I'm going to try again this weekend and I have some de-oxidizer and LT sealer that I will through into the process and see if it works. Any suggestions would be much appreciated.


      • #4
        I was contacted by the Caswell Moderator and he did ask to see my method. I will type it up and email it to him. That will happen this weekend, but not tonight.

        But back to your issues.
        Electrical connections; you need a better way, my method may appear extreme but it's really not, considering that this connection is under constant attack by the anodizing process. As little as 1/2 an Ohm of contact resistance occuring here can completely hose your anodizing job.

        Lose the bleach. I haven't had time to look this up yet (and it's been over 25 years since undergrad inorganic chemistry) But I think chlorine will attack aluminum and/or the anodic layer. Once the work has been sealed, what little dye remains on the surface can be rubbed off with a paper towel. After that none will come out. I think your test for sealing is actually distructive.

        What are you using for a power source? This is one crucial piece you haven't mentioned. I'll assume it's a 12 V battery charger. If you just hook it up and let it rip the real high currents generated at startup are quite capable of damaging your connections right then and there (and several other bad things). Without a provision for current limiting at startup, the higher the rated current of the charger, the more likely connection damage. At least start on the 6V range if it has one, switch to 12V when the current has dropped to 5 A or less (less is better). A power resistor in series with the work is better, say 3 to 5 Ohms rated at 10 watts or higher will help a lot for a 6 -10 amp charger. If the charger is higher current, scale both the resistance and wattage accordingly. If the charger has a 6V range, use that too.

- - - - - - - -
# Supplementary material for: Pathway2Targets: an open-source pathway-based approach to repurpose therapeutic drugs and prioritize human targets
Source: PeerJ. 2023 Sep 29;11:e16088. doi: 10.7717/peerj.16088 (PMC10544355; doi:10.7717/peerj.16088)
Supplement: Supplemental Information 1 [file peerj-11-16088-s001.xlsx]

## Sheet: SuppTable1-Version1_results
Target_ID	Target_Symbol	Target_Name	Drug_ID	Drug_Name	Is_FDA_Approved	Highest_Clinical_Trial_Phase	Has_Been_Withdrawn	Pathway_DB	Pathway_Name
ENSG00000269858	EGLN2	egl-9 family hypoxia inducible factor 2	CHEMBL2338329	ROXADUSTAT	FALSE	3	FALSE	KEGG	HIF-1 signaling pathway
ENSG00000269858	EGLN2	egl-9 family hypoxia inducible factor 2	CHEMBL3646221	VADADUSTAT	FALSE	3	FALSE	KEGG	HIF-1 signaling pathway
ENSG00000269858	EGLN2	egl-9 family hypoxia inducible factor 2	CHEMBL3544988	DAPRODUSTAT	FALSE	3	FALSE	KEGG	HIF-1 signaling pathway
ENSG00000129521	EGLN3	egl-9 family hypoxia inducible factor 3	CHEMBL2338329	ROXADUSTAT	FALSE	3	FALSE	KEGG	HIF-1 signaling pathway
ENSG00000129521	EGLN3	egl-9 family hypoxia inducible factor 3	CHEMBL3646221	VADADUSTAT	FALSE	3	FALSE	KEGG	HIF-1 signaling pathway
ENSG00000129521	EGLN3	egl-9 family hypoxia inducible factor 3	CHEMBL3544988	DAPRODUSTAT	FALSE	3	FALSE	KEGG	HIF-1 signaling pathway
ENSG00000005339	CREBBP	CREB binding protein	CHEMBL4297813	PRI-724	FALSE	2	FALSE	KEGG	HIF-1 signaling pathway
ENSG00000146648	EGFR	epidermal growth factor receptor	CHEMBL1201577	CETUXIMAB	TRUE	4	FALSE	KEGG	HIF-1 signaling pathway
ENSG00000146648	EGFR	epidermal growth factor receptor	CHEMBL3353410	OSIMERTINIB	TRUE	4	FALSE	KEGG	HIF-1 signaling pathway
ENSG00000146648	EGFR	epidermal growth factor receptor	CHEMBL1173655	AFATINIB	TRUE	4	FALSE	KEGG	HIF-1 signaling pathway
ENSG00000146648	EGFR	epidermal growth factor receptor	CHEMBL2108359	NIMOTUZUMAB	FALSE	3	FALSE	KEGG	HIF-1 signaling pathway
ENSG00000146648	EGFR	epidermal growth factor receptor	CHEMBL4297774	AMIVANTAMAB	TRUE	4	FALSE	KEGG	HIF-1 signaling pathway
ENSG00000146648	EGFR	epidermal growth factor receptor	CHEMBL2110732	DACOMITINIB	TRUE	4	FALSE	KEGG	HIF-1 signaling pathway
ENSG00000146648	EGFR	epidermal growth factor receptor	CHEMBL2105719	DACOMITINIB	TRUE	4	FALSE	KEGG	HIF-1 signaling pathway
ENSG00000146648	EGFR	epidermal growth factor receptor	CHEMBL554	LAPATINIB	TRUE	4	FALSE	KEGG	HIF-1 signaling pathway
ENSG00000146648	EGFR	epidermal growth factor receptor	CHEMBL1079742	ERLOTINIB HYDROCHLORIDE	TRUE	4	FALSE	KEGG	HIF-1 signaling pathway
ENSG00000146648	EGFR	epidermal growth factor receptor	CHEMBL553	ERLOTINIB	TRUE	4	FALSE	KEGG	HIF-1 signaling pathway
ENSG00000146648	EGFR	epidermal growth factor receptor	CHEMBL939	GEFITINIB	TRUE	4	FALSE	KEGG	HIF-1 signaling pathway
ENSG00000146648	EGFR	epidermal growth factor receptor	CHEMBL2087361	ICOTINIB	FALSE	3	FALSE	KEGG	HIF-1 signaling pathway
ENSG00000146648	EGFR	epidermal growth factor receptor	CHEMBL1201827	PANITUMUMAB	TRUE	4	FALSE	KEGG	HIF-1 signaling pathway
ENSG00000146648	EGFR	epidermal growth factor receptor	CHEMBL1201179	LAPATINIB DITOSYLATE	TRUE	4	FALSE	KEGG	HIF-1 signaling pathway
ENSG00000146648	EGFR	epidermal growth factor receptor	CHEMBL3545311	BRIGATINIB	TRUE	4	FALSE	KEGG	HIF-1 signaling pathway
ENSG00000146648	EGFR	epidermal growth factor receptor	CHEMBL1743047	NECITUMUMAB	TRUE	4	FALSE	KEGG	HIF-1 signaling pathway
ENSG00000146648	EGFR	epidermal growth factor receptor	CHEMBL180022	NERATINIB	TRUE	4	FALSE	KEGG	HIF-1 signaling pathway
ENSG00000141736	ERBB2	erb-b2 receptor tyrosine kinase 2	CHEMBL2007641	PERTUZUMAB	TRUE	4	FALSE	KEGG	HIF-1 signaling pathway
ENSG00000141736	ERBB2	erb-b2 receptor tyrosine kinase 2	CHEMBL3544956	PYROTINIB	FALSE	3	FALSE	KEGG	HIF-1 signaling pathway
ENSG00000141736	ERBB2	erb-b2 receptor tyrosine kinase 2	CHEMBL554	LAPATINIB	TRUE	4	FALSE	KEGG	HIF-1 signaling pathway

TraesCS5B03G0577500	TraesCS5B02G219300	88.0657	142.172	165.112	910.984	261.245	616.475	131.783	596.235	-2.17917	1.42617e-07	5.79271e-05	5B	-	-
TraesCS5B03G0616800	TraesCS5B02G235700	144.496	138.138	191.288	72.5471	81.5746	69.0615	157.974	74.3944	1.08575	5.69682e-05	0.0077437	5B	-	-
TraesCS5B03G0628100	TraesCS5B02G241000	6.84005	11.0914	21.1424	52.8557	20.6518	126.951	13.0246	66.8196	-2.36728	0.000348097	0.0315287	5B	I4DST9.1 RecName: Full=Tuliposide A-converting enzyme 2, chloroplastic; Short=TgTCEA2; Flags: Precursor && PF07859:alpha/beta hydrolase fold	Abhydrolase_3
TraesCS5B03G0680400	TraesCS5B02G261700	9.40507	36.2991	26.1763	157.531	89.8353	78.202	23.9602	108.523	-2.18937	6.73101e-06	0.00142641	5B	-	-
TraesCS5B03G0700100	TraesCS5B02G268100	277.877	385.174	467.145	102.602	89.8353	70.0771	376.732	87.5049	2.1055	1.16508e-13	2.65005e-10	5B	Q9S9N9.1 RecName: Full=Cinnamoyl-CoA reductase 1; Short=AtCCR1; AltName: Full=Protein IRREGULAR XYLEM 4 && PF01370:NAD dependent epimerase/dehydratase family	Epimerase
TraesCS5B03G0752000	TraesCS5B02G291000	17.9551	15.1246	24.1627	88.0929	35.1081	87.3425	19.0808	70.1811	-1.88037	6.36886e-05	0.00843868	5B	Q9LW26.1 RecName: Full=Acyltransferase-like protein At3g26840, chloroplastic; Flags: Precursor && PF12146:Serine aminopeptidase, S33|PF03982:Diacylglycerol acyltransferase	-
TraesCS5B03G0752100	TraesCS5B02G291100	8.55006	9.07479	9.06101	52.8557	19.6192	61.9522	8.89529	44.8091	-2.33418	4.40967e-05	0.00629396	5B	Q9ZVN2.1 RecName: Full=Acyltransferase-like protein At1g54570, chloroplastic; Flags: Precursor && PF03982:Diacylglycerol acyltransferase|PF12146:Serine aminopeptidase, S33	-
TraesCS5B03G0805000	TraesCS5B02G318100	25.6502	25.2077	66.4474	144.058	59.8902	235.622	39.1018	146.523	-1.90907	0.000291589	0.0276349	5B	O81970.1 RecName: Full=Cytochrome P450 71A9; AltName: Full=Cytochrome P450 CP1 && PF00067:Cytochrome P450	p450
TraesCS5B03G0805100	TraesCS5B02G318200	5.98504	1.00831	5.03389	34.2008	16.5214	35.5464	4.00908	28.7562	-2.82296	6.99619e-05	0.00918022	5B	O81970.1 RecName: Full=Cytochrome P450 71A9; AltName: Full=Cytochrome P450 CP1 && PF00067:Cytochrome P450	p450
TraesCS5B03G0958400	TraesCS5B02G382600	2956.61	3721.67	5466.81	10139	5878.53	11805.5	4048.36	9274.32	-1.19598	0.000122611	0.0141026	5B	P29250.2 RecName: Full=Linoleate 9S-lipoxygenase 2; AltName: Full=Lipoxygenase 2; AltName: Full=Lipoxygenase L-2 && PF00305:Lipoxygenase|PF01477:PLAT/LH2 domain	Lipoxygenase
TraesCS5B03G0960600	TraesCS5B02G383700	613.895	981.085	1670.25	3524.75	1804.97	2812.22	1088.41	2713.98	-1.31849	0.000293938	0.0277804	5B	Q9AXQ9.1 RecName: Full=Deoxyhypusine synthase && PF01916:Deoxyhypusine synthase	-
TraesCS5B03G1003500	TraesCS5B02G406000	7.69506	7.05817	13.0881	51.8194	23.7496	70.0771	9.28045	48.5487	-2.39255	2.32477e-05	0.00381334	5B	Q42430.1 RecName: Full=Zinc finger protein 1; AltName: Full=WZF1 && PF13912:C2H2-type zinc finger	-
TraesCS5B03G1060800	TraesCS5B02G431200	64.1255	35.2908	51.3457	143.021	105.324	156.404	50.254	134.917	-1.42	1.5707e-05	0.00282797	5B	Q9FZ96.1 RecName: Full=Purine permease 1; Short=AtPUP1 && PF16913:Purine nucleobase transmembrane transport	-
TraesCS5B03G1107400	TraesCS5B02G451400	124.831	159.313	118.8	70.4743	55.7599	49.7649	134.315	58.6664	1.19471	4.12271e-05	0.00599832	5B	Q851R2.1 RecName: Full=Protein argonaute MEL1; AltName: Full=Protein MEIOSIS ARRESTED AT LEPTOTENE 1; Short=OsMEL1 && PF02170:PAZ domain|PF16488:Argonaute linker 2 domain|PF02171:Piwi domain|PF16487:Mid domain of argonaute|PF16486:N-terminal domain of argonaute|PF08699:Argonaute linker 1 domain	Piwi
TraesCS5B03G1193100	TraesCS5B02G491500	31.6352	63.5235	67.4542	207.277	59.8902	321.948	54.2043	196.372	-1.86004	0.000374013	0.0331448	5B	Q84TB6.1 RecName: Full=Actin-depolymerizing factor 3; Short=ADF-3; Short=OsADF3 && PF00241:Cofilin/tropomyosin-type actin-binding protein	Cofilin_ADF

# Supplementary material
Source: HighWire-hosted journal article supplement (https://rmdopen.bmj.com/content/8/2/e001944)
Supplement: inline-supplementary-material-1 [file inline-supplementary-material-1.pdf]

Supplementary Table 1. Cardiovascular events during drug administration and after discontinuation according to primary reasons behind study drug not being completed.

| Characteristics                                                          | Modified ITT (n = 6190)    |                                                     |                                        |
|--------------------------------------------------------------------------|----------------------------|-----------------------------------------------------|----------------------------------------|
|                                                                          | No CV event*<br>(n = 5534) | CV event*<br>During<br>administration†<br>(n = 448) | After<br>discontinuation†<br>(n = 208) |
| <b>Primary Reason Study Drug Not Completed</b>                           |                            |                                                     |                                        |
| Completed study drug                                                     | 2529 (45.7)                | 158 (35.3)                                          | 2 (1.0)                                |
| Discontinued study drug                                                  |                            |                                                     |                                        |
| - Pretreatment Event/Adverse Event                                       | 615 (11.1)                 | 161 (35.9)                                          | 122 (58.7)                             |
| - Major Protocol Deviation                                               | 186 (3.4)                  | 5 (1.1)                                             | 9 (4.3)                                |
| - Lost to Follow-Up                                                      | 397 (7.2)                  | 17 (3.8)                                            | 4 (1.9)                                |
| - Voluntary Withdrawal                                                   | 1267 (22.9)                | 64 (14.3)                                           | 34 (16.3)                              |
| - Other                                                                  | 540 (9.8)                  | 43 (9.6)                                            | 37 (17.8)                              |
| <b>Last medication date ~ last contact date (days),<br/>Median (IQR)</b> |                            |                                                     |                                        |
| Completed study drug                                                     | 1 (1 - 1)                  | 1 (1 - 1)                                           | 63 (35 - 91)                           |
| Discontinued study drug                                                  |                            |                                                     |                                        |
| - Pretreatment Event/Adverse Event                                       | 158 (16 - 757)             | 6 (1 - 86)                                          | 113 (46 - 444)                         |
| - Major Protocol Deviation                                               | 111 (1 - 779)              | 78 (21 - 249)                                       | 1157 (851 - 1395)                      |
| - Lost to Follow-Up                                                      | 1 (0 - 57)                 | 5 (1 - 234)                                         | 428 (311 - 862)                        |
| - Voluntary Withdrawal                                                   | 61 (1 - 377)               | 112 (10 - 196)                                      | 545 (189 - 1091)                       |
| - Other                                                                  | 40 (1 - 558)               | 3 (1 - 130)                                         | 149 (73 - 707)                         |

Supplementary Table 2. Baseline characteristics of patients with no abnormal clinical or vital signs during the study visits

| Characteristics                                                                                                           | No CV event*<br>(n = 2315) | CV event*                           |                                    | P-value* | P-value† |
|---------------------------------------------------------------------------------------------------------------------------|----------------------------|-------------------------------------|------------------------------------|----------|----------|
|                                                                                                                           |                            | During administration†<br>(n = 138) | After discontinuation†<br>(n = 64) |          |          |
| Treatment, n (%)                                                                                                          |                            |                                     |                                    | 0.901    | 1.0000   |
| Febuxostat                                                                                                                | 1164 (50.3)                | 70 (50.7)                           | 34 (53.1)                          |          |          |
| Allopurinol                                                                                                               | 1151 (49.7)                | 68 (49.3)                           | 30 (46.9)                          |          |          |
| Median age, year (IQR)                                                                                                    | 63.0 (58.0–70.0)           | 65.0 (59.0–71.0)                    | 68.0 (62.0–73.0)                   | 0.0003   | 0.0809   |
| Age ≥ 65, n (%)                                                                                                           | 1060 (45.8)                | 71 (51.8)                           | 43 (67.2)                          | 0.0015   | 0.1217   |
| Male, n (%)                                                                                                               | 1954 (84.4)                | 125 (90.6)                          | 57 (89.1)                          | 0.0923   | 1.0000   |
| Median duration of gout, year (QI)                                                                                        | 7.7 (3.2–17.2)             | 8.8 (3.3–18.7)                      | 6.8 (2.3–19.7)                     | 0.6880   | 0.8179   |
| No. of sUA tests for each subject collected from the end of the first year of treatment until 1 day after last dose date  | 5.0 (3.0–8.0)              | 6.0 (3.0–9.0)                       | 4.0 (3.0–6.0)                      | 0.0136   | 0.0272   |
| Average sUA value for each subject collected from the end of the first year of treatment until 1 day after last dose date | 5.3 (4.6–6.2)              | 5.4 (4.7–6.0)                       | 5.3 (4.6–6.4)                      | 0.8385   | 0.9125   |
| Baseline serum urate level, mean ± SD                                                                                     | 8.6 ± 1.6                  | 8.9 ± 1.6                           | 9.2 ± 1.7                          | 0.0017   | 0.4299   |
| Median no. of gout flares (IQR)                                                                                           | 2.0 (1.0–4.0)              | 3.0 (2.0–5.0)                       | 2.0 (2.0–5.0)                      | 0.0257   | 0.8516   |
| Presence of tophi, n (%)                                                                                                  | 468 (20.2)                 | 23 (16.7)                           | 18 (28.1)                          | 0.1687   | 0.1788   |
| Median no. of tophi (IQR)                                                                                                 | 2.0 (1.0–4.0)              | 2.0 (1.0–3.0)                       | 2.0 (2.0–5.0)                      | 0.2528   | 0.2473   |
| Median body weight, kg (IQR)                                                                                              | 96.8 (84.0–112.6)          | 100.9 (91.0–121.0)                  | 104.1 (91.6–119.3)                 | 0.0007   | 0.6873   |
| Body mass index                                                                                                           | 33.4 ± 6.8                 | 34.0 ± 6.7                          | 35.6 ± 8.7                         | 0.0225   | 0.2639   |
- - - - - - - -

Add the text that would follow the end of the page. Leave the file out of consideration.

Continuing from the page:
I'll have more information for you later.


        • #5
          The power source is a manual 12v 2or6 amp selectable battery charger.

          On a positive note, I took an old spyder asa that I'm assuming was professionally hard coat anodized and put it in bleach. Some of the black came off of it also, leaving a grey color. I'm thinking my test piece was just anodized thin and maybe not very well sealed. Let me know if the charger is a problem, and I will try to come up with a different way of connecting the wire. I really don't have any spot on the piece that I can tap to thread the wire in. Any where I do will either be visible or will weaken the mounting point, neither of which I want to have happen.


          • #6
            I have no clue what a spyder asa is, but if you can't use a tapped hole I'll guess it something made of sheet Al. Can you fashion an all aluminum clamp? Something reminicent of a small C clamp, but made entirely of aluminum, the screw too. The only flaw will be the small area where the tip of the screw contacted the aluminum and didn't anodize.


            • #7
              FYI The spyder asa is a part of a spyder paintball gun. The part the air tank screws into to be exact.

              What I'm attempting is to make a gun stock for a paintball gun out of aluminum 3/8" rod.

              I will try using an alumium screw and nut to smash the wire against the threaded part of it.